To Shove or Not to Shove Jillian Freitag

Eric Rasmussen

She’s standing right there, which isn’t good motivation either way, but at least there’s the opportunity.

Last year, she was my girlfriend, or, Laura told me she was my girlfriend, right after Laura told everyone else, and our only date happened at the beginning of music class, when Jillian Freitag looked through the box for another cowbell, but I grabbed the only cowbell, so I gave it to her. As boyfriends do.

At the beginning of the year assembly I sat in the back row, I didn’t know the back row was reserved for fifth graders, that fourth graders were supposed to sit in the third-to-last row, but Macy went to sit in the chair in front of me and I pulled it back and she fell on her butt, and everyone said I did that because I liked her. I didn’t like her, I swear I didn’t, I just always wondered what would happen if I pulled out someone’s chair, and Macy suffered a bruised tailbone and needs to see a chiropractor. I don’t dislike her, she’s fine, but I don’t like her, not at all.

But that’s apparently the way things are done. When Gina farted at lunch and Grant made fun of her all day, everyone said it was because he liked her. When Marcus nailed Hailey in the face with the kickball, like nailed her, she fell backwards, parallel to the ground, and that’s just what boys do when they like girls. Human nature.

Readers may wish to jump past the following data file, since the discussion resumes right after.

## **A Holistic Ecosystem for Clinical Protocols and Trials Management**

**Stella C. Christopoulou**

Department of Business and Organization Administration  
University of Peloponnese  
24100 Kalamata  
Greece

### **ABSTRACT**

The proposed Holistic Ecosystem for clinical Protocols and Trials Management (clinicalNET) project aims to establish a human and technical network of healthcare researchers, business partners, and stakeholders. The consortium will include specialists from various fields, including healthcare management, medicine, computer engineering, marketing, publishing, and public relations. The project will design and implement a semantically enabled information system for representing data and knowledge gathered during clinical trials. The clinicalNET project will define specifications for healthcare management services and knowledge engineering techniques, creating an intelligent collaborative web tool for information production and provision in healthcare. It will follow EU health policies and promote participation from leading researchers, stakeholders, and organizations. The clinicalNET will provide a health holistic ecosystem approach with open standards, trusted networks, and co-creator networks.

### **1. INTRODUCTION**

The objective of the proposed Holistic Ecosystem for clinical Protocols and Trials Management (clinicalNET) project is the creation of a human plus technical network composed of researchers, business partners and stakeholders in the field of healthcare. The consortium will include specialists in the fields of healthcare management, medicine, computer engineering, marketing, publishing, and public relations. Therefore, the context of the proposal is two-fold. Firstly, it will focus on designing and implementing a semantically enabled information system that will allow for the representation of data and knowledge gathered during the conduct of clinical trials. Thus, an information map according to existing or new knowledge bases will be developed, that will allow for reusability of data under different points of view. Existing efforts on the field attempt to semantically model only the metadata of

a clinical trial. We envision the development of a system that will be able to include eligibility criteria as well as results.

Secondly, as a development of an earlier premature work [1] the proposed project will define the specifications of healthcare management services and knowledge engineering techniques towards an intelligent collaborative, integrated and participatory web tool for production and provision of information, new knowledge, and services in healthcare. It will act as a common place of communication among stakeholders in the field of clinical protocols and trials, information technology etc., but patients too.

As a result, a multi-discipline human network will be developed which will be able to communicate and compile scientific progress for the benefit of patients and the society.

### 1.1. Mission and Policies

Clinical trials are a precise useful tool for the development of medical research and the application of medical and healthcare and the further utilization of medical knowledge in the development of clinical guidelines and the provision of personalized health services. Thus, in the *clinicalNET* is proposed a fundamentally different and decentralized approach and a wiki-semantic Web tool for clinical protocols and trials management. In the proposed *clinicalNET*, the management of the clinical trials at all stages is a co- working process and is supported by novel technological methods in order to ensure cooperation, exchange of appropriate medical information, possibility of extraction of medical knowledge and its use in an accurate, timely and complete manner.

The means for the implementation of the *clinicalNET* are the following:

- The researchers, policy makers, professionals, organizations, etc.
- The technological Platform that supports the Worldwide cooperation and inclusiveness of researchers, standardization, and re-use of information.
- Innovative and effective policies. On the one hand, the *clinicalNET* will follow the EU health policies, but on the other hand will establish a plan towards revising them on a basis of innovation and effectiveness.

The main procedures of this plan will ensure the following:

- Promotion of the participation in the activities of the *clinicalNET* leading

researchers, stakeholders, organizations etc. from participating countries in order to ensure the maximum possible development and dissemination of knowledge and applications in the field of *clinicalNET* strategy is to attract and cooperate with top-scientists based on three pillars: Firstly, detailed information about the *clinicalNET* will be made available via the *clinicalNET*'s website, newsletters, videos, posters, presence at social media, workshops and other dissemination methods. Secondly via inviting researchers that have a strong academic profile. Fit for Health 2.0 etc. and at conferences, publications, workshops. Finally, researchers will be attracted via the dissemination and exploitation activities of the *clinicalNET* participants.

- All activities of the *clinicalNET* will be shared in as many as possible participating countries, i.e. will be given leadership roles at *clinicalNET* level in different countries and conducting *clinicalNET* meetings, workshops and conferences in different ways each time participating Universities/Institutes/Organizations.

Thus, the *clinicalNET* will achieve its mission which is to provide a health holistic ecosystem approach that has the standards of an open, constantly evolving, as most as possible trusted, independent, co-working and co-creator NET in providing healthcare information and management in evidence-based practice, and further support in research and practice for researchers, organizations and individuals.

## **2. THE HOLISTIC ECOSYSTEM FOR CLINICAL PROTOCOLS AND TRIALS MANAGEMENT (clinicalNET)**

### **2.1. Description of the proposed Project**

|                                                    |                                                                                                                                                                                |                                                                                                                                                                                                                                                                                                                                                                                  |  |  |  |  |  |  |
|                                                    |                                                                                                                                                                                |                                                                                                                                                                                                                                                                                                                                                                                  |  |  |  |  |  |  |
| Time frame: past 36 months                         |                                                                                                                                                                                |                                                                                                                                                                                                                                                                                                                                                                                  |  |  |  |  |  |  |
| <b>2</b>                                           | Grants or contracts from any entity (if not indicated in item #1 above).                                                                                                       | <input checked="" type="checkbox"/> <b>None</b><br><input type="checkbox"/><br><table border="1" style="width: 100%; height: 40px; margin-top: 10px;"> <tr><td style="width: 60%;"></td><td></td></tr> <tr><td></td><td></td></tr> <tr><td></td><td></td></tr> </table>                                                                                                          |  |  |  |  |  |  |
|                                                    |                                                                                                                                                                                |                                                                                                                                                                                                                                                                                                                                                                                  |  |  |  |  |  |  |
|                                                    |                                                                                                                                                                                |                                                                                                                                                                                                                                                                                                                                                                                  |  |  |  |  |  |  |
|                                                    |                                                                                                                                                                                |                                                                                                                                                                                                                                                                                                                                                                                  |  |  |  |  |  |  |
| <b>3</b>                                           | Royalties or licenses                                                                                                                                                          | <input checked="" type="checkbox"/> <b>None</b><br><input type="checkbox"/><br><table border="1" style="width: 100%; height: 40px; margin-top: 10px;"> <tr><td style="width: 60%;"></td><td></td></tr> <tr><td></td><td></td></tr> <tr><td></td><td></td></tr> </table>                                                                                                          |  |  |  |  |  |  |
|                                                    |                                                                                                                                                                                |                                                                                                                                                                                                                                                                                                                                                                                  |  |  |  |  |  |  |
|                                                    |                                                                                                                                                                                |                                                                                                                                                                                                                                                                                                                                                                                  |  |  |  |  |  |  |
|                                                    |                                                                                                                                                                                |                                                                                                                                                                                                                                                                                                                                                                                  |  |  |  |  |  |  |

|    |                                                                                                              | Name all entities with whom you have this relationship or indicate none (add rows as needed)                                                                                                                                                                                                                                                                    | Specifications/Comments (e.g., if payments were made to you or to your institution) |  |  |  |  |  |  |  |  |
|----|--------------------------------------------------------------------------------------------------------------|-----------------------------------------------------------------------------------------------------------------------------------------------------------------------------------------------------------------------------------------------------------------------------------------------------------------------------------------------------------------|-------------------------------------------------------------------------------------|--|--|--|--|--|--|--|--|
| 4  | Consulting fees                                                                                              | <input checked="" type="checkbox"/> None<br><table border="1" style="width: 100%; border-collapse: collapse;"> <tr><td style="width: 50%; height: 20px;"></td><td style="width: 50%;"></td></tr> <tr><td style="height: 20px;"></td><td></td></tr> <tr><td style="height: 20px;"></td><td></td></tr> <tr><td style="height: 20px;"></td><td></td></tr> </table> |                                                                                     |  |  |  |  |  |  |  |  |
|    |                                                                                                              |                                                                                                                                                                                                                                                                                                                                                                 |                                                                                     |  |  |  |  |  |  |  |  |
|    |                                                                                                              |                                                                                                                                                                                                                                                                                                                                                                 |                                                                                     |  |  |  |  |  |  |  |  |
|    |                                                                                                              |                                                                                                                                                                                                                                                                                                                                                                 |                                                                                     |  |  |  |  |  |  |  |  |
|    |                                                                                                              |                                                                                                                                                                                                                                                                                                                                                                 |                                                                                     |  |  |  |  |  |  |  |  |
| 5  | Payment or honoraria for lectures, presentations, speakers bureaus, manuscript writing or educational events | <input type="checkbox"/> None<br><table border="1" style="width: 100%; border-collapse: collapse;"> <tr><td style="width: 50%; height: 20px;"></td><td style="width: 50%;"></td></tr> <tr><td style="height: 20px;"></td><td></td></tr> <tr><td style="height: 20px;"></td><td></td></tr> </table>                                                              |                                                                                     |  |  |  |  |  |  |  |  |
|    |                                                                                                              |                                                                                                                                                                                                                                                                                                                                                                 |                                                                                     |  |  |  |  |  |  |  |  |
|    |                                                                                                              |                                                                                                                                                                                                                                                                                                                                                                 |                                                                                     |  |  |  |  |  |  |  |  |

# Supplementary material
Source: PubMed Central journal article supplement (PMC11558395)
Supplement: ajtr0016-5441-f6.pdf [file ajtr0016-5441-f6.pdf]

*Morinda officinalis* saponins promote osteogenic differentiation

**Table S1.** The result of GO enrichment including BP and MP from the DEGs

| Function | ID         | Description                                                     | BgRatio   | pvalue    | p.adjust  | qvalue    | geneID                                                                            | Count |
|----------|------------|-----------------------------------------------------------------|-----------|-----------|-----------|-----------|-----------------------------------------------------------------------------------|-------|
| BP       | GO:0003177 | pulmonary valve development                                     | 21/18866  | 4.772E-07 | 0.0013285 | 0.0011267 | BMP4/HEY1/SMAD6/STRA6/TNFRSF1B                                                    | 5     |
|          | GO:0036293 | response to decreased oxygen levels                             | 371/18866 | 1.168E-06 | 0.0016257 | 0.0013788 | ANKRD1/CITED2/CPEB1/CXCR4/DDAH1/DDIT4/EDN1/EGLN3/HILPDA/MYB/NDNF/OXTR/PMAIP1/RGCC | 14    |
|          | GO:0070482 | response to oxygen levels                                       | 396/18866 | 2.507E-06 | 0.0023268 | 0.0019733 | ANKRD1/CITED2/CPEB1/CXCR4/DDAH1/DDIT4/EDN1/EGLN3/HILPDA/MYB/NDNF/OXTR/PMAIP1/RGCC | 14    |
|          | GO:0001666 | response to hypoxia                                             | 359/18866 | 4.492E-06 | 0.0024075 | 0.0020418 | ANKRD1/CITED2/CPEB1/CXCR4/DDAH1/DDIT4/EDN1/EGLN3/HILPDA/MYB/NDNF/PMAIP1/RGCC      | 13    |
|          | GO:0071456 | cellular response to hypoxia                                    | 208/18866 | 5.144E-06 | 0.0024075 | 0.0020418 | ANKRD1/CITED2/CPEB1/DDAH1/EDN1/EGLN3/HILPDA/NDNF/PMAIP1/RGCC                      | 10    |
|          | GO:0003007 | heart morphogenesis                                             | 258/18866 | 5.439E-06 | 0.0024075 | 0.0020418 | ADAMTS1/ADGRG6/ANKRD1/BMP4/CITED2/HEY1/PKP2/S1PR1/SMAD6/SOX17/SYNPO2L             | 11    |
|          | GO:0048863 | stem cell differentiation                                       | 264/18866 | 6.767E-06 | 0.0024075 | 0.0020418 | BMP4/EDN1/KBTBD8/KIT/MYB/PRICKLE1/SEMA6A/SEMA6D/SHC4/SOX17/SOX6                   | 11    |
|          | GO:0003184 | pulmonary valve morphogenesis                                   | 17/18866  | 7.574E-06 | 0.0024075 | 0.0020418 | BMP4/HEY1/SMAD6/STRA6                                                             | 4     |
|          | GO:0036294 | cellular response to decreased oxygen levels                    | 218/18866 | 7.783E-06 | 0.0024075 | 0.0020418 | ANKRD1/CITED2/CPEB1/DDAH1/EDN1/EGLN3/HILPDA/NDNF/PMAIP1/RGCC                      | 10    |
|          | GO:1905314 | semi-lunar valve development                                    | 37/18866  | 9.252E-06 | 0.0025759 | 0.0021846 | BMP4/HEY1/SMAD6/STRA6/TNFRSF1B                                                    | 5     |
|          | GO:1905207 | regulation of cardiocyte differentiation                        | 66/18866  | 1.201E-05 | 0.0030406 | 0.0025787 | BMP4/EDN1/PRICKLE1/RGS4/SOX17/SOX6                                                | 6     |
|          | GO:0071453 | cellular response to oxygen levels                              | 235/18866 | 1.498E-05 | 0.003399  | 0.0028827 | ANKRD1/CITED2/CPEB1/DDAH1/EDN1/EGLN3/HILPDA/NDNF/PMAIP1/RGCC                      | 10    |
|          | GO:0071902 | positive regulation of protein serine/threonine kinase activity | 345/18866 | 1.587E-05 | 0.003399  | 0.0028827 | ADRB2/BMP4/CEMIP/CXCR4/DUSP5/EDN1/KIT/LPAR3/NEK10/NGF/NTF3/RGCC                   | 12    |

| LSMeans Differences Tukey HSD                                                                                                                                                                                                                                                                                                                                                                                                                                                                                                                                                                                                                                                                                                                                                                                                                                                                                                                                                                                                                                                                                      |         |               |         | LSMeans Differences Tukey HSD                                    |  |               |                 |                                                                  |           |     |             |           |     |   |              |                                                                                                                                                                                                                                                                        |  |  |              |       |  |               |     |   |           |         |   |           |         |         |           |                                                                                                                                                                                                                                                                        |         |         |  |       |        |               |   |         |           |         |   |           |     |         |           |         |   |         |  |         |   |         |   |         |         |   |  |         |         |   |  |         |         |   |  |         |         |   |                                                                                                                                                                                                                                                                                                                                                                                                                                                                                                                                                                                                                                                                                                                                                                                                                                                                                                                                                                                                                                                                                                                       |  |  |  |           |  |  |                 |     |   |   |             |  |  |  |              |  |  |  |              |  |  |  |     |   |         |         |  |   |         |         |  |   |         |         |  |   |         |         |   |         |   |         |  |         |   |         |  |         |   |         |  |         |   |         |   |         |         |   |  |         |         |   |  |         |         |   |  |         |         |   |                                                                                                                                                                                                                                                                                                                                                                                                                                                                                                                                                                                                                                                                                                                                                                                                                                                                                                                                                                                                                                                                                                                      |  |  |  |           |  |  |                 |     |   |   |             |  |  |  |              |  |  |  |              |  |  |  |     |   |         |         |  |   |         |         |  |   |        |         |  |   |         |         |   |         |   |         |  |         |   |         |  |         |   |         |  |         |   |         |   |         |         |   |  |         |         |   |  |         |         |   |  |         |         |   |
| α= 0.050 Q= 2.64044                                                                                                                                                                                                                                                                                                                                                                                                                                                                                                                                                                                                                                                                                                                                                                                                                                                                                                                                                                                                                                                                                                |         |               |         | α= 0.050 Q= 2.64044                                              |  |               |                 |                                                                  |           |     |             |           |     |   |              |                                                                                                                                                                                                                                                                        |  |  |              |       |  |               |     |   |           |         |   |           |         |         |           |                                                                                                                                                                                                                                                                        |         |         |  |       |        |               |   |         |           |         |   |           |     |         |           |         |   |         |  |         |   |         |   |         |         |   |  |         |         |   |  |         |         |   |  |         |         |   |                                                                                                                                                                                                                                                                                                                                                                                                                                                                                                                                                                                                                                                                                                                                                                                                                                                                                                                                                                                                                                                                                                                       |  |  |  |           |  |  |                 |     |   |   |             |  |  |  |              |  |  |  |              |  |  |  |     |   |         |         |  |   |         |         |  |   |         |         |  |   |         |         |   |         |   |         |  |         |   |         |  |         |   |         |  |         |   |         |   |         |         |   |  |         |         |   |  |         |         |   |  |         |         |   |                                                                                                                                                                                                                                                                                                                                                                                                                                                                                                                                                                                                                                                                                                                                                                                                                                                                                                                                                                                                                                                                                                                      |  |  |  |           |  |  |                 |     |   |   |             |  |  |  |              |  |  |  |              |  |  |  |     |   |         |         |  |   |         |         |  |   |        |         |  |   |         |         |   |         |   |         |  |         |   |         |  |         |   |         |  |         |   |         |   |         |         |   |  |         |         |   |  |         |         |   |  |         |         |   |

So Jillian Freitag stands at the edge of blacktop, past the four-square court, on the other side of the basketball hoop, and if I shoved her and if she fell, she would fall in the grass, which would hurt way less. She might get grass stains on her clothes.

I could help her up after the shoving. Then she would see that I meant well. A nice shove. The gentle kind.

When she marries me someday, she will come home from her job as an astronaut and I will come home from my restaurant and our kids will ask how we met, and she’ll laugh and say, “Oh, your father shoved me on the playground one spring day in fourth grade,” and our kids will ask me, “Why did you shove her? Were you mad at her?” I’ll say, “Not at all, that’s just the way we did things back then. After that we held hands in fifth grade, kissed in eighth grade, went to prom in high school, then your mother went to college in China and I went to college in New York, and then we met up and got married.” And then Jillian Freitag will come across the kitchen and we’ll kiss and she’ll say, “I’m so glad you shoved me.” “Me too,” I’ll say. And then she’ll shove me and I’ll tickle her and our kids will roll their eyes because when adults do that, it’s super gross.

Recess will be over soon, and I’m supposed to shove Jillian Freitag. That’s what she wants. I think that’s what she wants.

Eric Rasmussen teaches English at Memorial High School in Eau Claire and is a regular Volume One contributor. He likes milk, but not enough to drink it every day. To read more of his work, visit his website.

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